Whether or not worthwhile things can be quantified in a business case has generally not got in the way of sensible decisions to invest, though it has certainly made it a harder slog on occasion.
Generating new knowledge
Research and development generates new knowledge, ranging from abstract truths such as the laws of thermodynamics to practical techniques to increase aeroplanes’ fuel efficiency by reducing drag and otherwise pushing the boundaries of what humans can do.
Directly or indirectly, this knowledge makes it possible for workers to make their resources go further and get more from their physical capital, making them more productive.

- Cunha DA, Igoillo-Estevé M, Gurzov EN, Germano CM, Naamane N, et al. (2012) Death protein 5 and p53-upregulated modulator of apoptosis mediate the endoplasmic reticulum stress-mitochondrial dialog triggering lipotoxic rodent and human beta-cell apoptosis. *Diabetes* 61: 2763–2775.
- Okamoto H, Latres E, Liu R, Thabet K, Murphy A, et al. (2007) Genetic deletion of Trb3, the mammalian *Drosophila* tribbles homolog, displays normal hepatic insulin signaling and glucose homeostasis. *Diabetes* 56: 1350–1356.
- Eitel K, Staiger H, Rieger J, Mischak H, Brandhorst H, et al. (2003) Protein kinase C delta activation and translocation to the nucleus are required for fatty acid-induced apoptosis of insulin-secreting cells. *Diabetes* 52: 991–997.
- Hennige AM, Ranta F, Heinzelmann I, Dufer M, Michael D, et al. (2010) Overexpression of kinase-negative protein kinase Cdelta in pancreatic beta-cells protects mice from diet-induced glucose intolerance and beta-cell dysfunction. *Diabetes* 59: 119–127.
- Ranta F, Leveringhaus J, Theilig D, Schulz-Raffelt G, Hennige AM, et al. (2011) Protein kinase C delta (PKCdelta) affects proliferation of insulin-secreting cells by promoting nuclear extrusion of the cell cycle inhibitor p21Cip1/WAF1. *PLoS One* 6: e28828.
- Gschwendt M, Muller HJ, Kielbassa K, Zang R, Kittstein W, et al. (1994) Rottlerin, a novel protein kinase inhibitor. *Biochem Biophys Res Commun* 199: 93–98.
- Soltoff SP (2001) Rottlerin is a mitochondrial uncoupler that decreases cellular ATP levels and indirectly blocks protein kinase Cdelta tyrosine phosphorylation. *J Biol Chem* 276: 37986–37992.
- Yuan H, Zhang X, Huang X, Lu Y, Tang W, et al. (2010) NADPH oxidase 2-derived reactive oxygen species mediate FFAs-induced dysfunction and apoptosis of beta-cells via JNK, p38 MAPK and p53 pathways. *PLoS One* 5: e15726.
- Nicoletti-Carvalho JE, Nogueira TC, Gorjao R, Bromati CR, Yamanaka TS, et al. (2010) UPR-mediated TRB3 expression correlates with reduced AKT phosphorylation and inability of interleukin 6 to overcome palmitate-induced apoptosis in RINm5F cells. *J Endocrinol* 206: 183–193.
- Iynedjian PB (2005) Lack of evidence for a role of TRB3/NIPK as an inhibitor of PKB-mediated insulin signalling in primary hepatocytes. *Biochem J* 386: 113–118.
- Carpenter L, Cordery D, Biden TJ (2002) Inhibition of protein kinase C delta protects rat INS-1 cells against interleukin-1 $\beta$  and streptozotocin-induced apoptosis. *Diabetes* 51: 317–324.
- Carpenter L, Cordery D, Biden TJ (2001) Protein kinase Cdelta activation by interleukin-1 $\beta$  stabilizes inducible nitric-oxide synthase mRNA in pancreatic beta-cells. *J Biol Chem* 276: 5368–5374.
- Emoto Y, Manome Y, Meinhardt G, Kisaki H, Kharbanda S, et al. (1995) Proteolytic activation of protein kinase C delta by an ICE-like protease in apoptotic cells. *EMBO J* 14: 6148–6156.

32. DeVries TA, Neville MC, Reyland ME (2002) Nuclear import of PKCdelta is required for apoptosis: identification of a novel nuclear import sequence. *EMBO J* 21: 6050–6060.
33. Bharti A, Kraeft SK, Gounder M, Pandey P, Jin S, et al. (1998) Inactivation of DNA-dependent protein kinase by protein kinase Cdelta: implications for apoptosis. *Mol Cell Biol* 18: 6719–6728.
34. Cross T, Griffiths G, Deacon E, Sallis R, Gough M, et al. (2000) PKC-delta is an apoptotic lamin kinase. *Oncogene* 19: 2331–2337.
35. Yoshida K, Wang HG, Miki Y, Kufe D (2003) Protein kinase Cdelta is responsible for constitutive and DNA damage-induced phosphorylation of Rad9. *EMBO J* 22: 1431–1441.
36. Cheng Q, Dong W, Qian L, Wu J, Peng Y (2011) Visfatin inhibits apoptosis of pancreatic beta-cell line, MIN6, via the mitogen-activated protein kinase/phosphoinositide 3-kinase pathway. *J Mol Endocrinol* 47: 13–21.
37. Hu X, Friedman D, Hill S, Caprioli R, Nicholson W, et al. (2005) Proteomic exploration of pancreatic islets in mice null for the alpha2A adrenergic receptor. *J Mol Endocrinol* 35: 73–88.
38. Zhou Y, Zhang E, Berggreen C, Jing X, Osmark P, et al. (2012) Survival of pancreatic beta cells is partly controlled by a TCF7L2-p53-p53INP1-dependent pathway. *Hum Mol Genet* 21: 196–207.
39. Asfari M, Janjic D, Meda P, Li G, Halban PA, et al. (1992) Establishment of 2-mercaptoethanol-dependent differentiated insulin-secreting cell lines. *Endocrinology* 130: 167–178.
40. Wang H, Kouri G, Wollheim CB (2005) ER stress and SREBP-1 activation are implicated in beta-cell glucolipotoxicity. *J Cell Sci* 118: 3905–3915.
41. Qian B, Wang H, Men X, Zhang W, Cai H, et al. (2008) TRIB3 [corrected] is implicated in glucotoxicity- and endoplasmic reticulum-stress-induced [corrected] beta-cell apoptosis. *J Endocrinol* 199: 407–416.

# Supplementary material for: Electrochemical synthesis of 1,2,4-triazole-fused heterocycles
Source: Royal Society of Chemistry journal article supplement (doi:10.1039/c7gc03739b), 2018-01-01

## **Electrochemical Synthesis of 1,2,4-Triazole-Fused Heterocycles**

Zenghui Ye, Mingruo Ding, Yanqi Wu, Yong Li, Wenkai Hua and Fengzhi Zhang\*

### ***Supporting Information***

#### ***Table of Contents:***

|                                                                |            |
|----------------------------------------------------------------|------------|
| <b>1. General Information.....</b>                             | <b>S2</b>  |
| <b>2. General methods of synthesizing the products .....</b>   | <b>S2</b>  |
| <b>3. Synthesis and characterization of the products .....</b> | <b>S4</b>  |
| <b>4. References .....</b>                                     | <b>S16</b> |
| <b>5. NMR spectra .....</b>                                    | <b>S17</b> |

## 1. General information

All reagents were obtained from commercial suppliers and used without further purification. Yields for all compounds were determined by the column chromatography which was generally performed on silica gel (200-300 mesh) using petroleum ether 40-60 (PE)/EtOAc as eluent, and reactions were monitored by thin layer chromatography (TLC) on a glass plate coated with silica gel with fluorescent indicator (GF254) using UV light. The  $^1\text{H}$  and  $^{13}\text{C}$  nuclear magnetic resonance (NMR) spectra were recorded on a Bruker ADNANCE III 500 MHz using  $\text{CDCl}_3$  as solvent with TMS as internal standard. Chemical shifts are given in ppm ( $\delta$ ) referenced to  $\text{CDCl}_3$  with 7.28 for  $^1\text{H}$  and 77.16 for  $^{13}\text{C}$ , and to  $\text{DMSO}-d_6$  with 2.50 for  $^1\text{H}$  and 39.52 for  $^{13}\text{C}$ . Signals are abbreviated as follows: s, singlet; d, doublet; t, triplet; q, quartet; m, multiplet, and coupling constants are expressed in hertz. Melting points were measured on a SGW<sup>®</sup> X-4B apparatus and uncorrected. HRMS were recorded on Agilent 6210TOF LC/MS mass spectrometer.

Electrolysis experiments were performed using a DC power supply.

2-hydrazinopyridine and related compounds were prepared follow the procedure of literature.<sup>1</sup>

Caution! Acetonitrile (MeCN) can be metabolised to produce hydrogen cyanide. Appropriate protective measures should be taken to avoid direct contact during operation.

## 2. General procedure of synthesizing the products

This knowledge can be made into something with a commercial value. Indeed, you can see innovation as the process of getting added-value business from research and development knowledge.
The knowledge can also be of great societal value where it supports our understanding of and ability to influence the world around us.
At UKRI we are at the forefront of funding research that expands the boundaries of human knowledge, both at the early or blue skies end where we do not know what applications it may ultimately have and in closer-to-market interventions to get innovation out there.
We are investing in people
When we are supporting research and development, we are investing in people, in their skills and human capital.